Aiding water sector repairs, the European Union and UNICEF maintain water flowing to families
Considering Lebanon’s economic crisis has hindered the country’s water establishments from conducting costly repairs and maintenance, UNICEF with EU funds has enabled additional water delivery to families
In the middle of summer, not having running water to the house is a nightmare situation for families such as Noura’s, who besides having four children of her own, also looks after her three grandchildren.
“It was a disaster without water. We couldn’t wash anything, clean the house. It was horrible,” Noura remembers.
“Even the children couldn’t take a bath, I was helping them wash with a water pitcher, it was terrible.”
Noura’s home was one of more than 1000 households in the Nahr el Mot region, just north of Lebanon’s capital Beirut, which was recently affected by the pump breaking at the nearby borehole.
But with swift action by the Beirut and Mount Lebanon water establishment, the European Union and its implementing partner, UNICEF, the Naher el Mot Borehole was repaired within a week.
Since the economic crisis hit Lebanon in late 2019, the water sector has been badly affected, and in turn, families around the country have been subject to cuts in their water supply.
When houses in Lebanon don’t have access to water, families have to turn to buying trucks of water to fill tanks, which is extremely costly for them considering the inflation in the country.
When the water cut in Nahr el Mot, Noura had to spend 500,000 Lebanese Lira every three days on water.
“When the water was fixed, I was really happy because we can play again and take baths”
Considering the whole area was affected, there was a three-day waiting list to have water trucked in, meaning she had to use drinking water to bathe the children during this time.
“I was barely using water, so I could save water for at least three days,” Noura explains.
The children wanted to play … and I couldn’t explain to them that it was too hot so they couldn’t play because they can’t take a bath.”
The work of four regional water establishments across Lebanon has been hindered due to the local currency depreciating by over 90%, restricting their ability to buy now expensive fuel for generators to make up for the lack of state electricity, as well as parts for constant repairs and maintenance.
The European Union in partnership with UNICEF has been working with the water establishments to address water issues in Lebanon since January 2022, in order to maintain water supplies as much as possible in a country facing an economic crisis.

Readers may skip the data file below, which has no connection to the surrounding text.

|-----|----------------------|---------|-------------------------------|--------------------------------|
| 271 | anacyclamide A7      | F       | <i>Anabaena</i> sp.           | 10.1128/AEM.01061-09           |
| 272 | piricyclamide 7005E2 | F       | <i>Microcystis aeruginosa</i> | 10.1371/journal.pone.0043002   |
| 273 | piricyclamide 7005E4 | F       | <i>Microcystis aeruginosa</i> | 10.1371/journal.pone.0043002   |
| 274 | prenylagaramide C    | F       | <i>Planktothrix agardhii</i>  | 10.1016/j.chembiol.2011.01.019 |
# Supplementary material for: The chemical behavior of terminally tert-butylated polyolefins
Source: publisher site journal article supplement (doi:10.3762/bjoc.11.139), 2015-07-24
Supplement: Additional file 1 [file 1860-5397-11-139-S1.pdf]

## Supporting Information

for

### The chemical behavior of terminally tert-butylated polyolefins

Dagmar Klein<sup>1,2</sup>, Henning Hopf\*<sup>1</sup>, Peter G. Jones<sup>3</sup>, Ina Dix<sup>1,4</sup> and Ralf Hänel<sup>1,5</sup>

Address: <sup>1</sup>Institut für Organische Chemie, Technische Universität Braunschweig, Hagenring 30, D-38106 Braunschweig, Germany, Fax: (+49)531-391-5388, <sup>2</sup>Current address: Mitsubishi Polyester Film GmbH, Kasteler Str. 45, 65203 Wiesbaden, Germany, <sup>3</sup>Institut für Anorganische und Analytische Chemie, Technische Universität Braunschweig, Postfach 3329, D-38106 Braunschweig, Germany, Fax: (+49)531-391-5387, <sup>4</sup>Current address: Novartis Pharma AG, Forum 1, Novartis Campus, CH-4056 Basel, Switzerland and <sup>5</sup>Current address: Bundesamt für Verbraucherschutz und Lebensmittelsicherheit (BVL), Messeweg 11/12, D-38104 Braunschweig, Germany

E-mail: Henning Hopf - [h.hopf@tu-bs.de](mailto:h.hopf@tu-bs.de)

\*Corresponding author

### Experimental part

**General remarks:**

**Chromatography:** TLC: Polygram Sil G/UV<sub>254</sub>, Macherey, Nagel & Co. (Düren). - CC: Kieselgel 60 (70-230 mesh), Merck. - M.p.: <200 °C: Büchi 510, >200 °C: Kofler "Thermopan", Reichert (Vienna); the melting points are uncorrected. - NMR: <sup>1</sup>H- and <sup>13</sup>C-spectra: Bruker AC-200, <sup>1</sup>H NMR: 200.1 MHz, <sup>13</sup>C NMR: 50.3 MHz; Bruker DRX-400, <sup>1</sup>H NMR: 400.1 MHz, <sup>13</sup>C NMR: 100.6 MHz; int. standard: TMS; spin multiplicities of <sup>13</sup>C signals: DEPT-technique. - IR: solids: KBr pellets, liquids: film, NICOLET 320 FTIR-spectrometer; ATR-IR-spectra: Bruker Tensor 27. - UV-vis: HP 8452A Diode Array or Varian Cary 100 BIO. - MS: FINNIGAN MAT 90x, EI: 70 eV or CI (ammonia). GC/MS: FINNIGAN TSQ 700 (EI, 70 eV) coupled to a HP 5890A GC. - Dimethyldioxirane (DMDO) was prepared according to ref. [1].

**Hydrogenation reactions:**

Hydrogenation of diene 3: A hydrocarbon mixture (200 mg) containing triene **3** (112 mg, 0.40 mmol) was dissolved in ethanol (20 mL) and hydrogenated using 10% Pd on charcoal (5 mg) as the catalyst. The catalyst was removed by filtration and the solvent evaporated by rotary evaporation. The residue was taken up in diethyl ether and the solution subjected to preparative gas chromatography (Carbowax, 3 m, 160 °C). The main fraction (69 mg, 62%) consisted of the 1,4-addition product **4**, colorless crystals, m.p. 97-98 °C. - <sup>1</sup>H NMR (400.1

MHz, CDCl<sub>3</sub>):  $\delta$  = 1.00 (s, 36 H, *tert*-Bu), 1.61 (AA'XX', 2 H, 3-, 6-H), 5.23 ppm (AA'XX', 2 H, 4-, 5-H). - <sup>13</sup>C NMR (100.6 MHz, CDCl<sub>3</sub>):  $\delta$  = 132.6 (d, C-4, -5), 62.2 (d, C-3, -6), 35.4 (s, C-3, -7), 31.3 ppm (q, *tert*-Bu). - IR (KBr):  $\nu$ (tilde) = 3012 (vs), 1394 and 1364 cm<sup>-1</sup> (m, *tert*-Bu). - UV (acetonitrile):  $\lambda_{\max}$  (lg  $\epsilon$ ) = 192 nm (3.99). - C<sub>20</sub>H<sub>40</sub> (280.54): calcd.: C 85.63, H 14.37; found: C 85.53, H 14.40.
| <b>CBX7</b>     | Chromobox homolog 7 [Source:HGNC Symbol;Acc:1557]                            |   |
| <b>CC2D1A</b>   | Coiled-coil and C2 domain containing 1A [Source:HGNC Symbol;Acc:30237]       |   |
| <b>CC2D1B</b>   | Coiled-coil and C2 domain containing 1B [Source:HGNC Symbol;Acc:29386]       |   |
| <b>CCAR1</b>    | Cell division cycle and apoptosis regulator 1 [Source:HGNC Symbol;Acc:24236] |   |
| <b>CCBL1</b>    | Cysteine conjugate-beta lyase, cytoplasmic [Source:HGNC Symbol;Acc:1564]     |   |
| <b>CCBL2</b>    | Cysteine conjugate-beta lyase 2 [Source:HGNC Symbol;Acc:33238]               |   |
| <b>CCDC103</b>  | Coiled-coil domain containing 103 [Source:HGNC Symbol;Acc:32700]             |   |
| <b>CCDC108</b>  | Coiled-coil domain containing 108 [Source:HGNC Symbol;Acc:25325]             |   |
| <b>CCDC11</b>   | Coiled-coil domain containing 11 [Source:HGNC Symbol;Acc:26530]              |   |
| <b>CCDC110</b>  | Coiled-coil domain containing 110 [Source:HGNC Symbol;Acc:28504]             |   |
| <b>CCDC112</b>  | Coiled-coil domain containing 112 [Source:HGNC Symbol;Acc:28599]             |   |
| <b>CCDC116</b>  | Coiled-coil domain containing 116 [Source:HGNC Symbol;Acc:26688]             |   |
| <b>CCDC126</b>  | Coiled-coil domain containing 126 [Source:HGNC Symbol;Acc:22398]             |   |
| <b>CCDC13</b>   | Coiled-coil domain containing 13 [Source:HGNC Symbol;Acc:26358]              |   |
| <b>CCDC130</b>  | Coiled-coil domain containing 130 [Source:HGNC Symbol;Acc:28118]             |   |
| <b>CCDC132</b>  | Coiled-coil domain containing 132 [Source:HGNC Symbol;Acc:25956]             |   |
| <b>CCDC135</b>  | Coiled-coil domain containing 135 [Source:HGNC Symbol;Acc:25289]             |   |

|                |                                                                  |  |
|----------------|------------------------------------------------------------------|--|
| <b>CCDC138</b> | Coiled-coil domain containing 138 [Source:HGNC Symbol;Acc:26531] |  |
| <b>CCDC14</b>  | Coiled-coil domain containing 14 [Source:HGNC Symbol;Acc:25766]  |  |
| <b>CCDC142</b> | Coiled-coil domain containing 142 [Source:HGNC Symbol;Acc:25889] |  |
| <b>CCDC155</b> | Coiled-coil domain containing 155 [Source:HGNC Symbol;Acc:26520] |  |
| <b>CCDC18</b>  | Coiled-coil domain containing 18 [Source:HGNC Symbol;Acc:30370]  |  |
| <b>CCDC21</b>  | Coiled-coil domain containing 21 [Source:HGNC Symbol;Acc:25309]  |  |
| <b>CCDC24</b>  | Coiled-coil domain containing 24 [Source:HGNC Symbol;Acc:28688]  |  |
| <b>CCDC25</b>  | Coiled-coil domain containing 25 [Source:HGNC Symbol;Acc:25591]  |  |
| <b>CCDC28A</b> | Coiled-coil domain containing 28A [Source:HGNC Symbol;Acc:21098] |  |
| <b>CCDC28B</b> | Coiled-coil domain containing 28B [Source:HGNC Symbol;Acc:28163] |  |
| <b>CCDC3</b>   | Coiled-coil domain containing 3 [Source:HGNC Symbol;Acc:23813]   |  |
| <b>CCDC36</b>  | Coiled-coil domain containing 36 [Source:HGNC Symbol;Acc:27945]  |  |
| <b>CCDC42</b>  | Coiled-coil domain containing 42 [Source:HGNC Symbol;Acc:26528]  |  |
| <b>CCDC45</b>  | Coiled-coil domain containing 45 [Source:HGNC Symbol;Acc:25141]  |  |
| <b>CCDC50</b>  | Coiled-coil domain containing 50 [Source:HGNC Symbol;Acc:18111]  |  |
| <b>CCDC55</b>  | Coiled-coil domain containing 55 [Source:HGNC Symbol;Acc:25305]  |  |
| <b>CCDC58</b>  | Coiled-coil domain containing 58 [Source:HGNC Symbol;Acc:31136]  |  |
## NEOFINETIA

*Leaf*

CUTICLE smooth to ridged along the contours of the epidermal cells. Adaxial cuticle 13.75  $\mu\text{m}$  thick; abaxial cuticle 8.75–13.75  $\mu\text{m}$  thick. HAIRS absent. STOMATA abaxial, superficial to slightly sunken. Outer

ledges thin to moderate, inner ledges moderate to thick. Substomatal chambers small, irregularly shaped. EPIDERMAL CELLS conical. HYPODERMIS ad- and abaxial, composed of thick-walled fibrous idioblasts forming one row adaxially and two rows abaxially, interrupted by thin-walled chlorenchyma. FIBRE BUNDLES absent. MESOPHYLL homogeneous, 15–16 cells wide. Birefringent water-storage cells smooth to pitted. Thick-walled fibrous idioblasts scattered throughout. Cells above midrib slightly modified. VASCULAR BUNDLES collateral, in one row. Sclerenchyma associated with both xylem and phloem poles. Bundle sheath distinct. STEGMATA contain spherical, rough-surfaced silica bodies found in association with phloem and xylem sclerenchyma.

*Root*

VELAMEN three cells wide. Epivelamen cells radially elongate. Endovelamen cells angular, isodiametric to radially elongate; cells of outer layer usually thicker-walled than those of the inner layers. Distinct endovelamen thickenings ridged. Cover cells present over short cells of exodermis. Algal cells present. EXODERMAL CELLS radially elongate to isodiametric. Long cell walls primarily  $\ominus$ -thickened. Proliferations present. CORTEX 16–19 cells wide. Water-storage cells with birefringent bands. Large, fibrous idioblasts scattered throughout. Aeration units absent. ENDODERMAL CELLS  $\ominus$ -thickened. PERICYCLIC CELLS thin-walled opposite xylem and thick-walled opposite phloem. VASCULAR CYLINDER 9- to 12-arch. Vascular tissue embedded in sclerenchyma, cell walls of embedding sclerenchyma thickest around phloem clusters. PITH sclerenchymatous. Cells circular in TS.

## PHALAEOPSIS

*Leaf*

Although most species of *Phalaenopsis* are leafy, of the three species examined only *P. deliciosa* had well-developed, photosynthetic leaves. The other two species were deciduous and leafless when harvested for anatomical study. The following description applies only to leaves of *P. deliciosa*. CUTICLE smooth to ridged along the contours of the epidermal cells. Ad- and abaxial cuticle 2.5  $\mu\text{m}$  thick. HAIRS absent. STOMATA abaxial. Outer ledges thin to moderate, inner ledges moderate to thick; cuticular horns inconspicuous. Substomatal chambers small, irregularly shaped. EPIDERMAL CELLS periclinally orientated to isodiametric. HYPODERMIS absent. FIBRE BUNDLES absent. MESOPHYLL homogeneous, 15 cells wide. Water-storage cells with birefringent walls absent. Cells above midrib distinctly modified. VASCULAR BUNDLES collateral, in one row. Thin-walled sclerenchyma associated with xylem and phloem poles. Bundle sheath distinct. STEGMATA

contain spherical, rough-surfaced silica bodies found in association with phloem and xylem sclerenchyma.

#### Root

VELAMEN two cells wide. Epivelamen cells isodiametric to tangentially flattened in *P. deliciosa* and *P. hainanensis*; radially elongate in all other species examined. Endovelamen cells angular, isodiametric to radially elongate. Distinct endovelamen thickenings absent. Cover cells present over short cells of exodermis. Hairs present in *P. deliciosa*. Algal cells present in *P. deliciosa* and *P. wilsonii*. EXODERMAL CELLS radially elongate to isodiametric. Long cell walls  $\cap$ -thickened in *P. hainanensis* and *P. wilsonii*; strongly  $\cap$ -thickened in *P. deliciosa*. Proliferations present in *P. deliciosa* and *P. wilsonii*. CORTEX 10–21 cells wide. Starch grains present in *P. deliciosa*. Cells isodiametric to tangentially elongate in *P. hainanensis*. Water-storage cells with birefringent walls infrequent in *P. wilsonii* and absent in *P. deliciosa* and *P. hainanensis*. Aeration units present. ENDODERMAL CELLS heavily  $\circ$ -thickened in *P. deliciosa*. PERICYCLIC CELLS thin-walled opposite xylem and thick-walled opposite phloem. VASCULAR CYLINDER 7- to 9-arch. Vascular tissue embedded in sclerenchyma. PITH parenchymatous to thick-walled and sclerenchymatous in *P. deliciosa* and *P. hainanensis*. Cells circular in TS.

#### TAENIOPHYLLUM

With EU support, UNICEF has covered the repair and maintenance of 400 water pumping stations and sites and supplied more than 76 tons of chlorine and ferric chloride, resulting in the delivery of at least an additional average of 1 hour of water per day, reaching around 500,000 people every month.
Engineer Antoine el Zoghbi from the Beirut and Mount Lebanon Water Establishment (BMLWE) is glad to now be able to keep water flowing to families.
“Thanks to this project and the funds from the EU the water sector was able to stand, survive and thrive,” el Zoghbi says.
“We were also able to treat water, using chlorine procured under this project.”
There is consistent cooperation between the water establishment and UNICEF field monitoring teams in order to coordinate all the repairs and maintenance.
Engineer Rana El Hage is part of the crucial UNICEF field monitoring team working with BMLWE.
“Whenever there are repairs being done, we have to be on the ground to monitor and see that everything is going smoothly,” El Hage says.
“I was very sad to open the tap and not find water to wash my hands”
Young Noura, 7, expressed that she couldn’t do anything when there was no water, including washing her hands, brushing her teeth, or even play because of the heat.
“I was sitting and doing nothing but now I can enjoy my time again,” she says happily.
“When the water was fixed, I was really happy because we can play again and take baths.”
Nine-year-old Ali feels the same way; “I was very sad to open the tap and not find water to wash my hands.”
“But when there was water again, I was very happy because I could take as many baths as I want and I can use the hot and cold-water taps.”
Noura is glad to be able to now save the money she was spending on water “because these days you need the money for essential things.”
“When the repair was done and we had water, we all started to dance and do the dabka because the life in the house came back to normal,” Noura says, referring to a traditional Lebanese dance of celebration.